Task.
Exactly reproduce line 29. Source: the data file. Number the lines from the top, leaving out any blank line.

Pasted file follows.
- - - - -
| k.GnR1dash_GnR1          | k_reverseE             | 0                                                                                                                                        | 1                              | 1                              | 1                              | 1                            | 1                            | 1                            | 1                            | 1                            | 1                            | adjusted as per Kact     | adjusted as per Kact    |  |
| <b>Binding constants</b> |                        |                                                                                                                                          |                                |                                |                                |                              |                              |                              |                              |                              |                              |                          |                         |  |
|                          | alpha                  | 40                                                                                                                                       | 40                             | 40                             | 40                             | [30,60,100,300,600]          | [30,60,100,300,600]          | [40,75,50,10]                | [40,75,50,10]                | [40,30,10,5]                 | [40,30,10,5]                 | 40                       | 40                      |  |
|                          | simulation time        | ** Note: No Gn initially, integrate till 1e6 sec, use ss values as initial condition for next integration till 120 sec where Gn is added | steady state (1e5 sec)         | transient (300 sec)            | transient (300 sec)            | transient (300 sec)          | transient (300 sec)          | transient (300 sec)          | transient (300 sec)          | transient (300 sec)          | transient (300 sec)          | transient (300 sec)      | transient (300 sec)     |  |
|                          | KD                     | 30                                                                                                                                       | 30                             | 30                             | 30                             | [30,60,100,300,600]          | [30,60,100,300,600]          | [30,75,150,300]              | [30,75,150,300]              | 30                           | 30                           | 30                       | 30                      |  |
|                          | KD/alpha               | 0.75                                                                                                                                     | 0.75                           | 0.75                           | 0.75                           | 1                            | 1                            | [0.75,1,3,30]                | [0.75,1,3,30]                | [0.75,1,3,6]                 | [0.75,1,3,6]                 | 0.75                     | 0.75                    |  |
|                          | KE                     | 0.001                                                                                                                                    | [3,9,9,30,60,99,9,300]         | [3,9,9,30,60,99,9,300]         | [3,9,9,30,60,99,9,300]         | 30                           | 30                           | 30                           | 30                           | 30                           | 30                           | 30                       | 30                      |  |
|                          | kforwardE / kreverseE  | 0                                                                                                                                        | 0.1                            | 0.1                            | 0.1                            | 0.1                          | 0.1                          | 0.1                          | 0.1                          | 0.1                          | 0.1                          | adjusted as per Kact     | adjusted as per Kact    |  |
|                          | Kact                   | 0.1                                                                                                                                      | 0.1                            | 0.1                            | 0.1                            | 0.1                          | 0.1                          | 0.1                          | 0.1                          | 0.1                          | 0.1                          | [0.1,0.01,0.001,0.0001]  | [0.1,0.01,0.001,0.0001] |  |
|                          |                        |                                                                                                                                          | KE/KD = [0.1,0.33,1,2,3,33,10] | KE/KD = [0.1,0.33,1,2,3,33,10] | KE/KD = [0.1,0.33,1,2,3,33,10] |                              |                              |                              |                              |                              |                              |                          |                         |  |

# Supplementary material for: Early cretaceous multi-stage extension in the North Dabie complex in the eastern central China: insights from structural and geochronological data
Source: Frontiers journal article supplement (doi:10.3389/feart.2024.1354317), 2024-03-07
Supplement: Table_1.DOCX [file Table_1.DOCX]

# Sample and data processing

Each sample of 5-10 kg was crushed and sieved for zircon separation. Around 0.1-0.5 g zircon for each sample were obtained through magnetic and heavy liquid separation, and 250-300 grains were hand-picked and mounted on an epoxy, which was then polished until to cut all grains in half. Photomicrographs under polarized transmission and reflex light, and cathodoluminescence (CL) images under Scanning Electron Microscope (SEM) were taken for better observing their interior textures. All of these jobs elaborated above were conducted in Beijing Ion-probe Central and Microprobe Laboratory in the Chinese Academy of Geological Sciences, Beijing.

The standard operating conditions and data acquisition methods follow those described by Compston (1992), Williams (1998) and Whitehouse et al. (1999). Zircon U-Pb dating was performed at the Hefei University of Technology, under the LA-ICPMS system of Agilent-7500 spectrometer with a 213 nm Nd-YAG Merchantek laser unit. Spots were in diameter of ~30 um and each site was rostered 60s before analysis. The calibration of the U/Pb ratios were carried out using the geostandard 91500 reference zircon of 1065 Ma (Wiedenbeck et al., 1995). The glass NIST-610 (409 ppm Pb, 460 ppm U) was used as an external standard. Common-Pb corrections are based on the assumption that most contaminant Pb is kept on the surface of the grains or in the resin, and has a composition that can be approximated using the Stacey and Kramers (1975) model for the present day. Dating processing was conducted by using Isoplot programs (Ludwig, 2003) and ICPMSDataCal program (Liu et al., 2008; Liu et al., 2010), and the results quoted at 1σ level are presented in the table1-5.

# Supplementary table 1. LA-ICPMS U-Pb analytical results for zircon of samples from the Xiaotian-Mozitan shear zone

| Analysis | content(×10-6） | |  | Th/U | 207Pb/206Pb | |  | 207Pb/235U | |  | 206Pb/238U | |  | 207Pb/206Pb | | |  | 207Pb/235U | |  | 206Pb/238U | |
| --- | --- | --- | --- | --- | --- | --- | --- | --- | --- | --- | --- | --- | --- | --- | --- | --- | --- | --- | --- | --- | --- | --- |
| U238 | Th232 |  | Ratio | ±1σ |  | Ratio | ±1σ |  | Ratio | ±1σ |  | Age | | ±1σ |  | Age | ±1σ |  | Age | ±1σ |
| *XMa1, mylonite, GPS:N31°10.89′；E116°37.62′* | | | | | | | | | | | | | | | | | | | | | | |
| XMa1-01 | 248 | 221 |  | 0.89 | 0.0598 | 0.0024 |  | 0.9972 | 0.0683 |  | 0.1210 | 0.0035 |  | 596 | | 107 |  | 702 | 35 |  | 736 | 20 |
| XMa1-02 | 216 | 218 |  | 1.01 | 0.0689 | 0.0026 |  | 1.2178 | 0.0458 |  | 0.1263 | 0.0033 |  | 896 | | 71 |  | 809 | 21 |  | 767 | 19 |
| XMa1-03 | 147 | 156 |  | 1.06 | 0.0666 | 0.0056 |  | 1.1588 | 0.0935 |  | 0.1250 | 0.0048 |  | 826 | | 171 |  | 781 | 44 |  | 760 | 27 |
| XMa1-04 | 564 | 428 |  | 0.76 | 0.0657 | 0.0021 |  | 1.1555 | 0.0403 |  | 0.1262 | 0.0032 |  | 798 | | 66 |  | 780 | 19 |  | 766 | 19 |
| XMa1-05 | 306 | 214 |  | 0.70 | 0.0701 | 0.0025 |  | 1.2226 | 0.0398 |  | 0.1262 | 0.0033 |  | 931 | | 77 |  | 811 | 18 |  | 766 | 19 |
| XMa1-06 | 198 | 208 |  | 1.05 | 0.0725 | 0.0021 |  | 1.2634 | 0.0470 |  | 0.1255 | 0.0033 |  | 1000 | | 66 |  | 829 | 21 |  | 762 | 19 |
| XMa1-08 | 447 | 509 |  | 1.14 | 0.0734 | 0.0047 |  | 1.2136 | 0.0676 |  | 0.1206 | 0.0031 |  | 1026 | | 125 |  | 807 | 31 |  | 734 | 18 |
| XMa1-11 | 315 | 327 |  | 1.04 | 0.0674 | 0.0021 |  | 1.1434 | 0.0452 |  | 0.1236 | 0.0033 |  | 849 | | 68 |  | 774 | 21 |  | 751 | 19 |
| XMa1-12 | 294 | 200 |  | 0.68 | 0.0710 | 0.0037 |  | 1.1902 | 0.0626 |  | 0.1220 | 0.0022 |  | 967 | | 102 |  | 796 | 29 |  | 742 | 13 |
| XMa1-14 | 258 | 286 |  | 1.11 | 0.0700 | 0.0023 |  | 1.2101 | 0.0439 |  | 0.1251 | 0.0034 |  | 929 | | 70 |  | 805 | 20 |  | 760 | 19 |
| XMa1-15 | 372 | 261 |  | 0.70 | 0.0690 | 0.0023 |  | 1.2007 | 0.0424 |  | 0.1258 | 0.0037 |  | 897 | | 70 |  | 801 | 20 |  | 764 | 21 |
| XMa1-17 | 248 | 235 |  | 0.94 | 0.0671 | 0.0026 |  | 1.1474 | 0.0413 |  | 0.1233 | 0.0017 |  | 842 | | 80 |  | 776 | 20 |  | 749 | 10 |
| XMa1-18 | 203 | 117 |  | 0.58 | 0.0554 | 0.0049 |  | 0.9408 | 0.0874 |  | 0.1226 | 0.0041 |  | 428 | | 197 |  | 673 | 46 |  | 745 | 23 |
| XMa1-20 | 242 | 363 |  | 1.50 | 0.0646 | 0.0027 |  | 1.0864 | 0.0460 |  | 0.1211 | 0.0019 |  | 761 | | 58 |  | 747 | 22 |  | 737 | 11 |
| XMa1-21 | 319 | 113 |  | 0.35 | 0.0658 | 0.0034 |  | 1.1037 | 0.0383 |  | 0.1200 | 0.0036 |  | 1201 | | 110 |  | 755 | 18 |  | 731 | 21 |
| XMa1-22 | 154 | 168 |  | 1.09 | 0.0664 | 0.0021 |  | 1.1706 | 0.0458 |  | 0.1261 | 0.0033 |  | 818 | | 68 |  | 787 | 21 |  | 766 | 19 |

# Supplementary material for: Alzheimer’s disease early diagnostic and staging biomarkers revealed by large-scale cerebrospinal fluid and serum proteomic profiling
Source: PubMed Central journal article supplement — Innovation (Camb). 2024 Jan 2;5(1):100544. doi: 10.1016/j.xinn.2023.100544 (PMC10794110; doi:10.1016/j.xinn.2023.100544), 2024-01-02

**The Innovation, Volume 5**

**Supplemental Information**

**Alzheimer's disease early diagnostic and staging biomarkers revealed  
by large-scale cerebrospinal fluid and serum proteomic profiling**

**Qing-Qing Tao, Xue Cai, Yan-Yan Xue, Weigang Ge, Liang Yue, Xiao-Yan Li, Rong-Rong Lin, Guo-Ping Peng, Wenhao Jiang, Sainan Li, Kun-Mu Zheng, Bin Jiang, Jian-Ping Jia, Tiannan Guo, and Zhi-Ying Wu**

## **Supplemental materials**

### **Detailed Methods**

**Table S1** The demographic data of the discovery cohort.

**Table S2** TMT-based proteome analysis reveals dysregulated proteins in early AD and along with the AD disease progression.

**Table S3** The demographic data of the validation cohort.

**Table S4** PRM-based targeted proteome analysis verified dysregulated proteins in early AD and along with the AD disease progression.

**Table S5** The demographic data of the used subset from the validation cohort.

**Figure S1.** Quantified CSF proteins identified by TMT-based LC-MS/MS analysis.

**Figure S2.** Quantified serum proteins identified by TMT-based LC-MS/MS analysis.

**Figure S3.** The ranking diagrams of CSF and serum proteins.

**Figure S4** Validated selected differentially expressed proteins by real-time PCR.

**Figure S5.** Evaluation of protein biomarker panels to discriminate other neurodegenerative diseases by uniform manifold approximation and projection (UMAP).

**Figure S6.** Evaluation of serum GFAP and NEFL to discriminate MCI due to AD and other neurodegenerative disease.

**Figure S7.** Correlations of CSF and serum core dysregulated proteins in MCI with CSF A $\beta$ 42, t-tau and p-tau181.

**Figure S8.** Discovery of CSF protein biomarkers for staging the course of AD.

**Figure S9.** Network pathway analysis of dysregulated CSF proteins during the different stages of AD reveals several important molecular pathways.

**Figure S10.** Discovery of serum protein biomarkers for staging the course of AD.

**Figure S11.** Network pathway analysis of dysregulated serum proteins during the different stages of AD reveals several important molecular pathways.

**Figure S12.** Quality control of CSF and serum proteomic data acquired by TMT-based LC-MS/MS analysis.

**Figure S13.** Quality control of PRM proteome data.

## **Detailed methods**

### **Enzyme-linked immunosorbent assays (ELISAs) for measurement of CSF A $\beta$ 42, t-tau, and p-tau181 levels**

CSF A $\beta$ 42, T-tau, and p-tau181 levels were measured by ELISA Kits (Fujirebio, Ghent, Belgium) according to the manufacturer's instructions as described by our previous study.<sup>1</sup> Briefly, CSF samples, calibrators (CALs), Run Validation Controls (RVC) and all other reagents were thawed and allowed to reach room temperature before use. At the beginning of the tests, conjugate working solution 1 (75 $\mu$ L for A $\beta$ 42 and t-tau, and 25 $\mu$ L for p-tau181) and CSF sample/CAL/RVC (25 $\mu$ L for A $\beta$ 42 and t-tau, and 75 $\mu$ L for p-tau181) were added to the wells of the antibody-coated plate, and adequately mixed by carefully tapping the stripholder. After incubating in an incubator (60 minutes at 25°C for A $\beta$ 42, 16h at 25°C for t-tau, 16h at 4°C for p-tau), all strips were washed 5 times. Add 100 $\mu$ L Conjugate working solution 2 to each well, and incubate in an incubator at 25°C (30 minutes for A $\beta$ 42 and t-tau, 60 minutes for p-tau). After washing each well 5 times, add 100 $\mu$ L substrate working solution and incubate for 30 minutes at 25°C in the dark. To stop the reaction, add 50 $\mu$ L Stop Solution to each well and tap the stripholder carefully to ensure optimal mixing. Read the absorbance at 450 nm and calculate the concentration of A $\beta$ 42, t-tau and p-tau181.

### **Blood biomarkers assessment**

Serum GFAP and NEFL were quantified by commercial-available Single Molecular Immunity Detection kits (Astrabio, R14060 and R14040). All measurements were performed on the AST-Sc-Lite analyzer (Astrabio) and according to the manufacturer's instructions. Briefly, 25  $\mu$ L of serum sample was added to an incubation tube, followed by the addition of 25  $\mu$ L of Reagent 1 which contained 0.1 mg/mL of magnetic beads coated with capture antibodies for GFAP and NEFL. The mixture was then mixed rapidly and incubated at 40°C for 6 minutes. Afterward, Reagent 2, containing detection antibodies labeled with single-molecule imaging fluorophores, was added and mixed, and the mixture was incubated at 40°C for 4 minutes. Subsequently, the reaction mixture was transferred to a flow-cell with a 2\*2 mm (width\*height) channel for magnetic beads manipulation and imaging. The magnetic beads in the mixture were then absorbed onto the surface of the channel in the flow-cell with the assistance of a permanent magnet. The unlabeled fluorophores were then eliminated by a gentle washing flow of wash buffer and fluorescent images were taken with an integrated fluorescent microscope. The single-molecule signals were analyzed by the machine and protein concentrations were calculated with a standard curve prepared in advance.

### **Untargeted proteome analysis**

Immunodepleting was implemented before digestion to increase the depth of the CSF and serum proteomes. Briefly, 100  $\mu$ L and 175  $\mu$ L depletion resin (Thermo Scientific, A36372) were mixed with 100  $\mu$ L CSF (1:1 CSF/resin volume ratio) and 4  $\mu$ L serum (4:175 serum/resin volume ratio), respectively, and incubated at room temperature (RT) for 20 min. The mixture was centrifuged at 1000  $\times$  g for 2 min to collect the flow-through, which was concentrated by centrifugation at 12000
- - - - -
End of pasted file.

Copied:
| XMa1-11 | 315 | 327 |  | 1.04 | 0.0674 | 0.0021 |  | 1.1434 | 0.0452 |  | 0.1236 | 0.0033 |  | 849 | | 68 |  | 774 | 21 |  | 751 | 19 |